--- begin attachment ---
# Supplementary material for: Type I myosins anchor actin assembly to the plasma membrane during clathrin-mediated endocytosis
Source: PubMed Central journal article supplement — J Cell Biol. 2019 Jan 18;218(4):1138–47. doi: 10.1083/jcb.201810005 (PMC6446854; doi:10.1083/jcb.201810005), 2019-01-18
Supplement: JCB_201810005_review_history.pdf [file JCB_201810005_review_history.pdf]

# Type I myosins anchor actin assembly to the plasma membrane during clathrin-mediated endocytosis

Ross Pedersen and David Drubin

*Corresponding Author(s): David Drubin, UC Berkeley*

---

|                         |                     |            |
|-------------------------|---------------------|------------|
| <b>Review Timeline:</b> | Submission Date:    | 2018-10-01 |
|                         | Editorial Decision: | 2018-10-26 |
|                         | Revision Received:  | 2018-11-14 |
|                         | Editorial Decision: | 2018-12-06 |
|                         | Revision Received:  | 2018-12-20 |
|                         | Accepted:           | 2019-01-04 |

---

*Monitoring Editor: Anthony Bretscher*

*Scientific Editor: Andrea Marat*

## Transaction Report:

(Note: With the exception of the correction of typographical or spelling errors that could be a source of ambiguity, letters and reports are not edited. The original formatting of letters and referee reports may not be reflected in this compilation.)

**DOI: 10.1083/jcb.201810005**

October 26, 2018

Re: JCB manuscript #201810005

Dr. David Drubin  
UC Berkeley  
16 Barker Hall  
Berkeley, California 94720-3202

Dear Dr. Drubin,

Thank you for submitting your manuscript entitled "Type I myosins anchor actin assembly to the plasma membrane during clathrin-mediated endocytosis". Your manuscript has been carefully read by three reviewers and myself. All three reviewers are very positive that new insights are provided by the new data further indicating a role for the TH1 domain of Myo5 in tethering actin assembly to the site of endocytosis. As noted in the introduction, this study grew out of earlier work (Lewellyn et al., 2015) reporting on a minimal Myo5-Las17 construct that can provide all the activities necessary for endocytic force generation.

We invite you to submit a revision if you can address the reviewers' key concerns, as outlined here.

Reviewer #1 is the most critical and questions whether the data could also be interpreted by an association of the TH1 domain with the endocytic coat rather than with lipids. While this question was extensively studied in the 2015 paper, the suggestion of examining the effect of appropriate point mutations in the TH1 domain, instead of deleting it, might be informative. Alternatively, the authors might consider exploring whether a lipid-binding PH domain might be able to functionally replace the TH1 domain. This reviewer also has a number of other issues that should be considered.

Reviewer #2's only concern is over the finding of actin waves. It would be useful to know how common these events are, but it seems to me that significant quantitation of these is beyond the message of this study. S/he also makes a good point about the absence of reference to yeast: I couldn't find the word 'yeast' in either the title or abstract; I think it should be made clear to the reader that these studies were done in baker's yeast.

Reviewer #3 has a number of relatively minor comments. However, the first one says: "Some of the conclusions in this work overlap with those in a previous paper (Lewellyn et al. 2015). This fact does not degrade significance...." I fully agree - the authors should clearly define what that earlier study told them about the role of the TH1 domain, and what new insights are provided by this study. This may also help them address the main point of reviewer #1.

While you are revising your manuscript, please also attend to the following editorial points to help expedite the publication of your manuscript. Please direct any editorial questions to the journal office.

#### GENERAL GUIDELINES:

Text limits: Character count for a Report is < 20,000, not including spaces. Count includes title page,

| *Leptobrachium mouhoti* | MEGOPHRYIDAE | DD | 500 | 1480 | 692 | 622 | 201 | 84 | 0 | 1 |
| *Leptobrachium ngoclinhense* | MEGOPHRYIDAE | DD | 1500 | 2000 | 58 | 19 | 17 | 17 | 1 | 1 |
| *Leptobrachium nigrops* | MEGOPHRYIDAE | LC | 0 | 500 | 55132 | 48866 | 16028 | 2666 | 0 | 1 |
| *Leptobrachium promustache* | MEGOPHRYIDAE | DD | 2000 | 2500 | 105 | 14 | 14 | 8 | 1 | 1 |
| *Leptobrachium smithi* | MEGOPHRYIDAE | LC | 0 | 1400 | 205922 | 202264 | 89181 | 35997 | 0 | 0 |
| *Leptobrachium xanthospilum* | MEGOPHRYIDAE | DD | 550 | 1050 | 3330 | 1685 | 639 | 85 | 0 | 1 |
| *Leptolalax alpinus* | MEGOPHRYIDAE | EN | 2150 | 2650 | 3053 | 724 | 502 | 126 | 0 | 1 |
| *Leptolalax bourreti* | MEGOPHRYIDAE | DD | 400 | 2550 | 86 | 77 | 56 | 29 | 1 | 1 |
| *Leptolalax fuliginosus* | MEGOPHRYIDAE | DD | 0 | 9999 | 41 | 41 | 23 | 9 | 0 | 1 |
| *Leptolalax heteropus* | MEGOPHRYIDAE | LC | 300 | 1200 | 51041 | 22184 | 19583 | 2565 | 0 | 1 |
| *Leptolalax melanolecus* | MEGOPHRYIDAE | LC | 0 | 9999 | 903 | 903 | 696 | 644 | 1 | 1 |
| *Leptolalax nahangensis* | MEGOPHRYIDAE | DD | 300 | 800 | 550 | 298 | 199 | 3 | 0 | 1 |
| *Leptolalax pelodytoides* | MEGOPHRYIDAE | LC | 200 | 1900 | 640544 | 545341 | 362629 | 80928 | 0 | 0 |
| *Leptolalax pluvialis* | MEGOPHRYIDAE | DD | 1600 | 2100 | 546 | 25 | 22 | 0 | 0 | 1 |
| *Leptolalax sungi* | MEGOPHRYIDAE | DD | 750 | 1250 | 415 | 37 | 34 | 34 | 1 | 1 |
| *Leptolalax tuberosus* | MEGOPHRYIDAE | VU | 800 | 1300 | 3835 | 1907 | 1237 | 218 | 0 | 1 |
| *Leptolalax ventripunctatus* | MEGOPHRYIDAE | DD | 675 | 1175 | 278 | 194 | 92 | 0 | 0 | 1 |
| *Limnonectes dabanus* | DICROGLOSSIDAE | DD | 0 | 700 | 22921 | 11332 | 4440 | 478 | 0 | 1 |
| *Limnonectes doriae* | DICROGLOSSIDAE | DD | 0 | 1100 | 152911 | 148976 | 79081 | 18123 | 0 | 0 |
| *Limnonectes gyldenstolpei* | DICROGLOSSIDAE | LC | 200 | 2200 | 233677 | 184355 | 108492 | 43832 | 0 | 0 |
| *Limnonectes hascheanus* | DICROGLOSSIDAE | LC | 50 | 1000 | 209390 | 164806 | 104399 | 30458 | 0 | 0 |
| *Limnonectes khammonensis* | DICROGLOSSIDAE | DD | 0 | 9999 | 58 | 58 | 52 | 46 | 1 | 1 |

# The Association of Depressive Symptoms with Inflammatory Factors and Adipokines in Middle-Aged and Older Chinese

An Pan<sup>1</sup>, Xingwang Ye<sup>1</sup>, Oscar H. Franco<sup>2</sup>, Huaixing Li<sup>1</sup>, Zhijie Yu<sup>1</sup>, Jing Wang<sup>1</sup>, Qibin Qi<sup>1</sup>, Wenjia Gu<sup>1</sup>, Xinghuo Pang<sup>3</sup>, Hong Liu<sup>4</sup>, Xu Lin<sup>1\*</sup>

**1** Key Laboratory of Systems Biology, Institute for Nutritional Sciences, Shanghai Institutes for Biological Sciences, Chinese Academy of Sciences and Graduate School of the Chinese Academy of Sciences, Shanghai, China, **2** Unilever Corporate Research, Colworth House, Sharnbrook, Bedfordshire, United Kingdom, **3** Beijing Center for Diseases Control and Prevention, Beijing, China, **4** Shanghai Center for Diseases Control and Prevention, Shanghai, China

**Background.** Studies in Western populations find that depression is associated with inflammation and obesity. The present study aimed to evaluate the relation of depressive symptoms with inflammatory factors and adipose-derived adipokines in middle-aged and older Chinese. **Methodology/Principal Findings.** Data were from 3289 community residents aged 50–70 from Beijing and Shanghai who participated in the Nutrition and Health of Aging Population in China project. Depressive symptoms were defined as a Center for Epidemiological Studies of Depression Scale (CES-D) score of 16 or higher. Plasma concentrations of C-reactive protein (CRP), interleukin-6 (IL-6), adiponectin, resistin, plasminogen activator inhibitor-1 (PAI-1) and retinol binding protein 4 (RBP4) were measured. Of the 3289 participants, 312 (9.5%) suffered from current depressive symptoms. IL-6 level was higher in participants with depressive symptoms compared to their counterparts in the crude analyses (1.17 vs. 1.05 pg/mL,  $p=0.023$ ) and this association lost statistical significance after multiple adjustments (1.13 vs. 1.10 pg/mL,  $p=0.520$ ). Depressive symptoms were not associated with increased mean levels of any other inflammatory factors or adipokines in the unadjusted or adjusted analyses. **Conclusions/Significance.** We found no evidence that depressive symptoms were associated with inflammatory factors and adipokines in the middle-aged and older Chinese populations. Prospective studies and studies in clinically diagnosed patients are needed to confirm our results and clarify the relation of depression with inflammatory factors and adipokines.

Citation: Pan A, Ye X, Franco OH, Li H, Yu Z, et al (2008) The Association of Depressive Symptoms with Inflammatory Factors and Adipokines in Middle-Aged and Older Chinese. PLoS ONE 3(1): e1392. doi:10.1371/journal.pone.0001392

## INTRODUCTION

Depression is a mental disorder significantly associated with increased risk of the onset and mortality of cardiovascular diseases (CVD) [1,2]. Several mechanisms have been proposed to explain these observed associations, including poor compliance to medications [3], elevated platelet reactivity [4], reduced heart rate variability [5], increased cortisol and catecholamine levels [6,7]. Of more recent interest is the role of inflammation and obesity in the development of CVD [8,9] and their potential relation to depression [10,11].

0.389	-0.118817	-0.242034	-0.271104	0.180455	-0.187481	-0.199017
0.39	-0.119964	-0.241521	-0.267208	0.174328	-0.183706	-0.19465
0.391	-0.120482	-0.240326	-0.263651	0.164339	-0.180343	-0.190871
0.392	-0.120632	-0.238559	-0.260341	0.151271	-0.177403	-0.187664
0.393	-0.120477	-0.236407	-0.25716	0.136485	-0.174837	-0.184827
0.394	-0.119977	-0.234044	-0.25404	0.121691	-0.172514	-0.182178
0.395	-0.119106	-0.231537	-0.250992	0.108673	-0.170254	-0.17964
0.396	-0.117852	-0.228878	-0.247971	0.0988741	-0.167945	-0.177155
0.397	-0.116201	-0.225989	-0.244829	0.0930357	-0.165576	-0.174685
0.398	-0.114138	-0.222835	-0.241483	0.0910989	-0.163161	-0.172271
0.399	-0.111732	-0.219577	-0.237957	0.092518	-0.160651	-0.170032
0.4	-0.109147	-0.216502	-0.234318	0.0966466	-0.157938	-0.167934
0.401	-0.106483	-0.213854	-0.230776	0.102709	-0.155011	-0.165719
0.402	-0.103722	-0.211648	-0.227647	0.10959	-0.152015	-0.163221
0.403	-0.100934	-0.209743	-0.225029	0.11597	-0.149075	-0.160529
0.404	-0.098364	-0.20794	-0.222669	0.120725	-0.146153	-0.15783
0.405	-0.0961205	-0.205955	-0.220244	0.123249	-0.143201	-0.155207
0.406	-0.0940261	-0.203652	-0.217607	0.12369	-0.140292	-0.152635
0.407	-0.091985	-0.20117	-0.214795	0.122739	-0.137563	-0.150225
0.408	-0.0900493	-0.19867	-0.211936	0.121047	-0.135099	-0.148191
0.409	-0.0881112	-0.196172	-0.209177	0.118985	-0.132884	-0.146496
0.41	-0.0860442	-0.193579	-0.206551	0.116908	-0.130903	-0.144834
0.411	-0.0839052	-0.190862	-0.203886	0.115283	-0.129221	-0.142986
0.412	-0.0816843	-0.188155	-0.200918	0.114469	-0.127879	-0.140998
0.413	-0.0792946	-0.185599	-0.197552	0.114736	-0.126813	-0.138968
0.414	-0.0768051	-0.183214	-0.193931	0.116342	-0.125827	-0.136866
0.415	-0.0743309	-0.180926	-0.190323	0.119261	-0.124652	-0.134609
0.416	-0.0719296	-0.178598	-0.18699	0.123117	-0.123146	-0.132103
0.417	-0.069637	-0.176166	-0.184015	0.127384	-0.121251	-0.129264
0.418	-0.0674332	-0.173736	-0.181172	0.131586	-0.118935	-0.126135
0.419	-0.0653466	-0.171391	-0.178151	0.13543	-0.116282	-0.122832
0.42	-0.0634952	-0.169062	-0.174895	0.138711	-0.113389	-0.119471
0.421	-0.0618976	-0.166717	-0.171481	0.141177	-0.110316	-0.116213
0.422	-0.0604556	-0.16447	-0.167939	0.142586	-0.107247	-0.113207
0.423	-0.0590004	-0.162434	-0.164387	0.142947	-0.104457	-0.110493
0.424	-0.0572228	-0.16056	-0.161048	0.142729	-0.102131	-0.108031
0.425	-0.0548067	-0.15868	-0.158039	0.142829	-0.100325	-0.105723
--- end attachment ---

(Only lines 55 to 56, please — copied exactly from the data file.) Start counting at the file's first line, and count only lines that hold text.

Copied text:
| *Limnonectes doriae* | DICROGLOSSIDAE | DD | 0 | 1100 | 152911 | 148976 | 79081 | 18123 | 0 | 0 |
| *Limnonectes gyldenstolpei* | DICROGLOSSIDAE | LC | 200 | 2200 | 233677 | 184355 | 108492 | 43832 | 0 | 0 |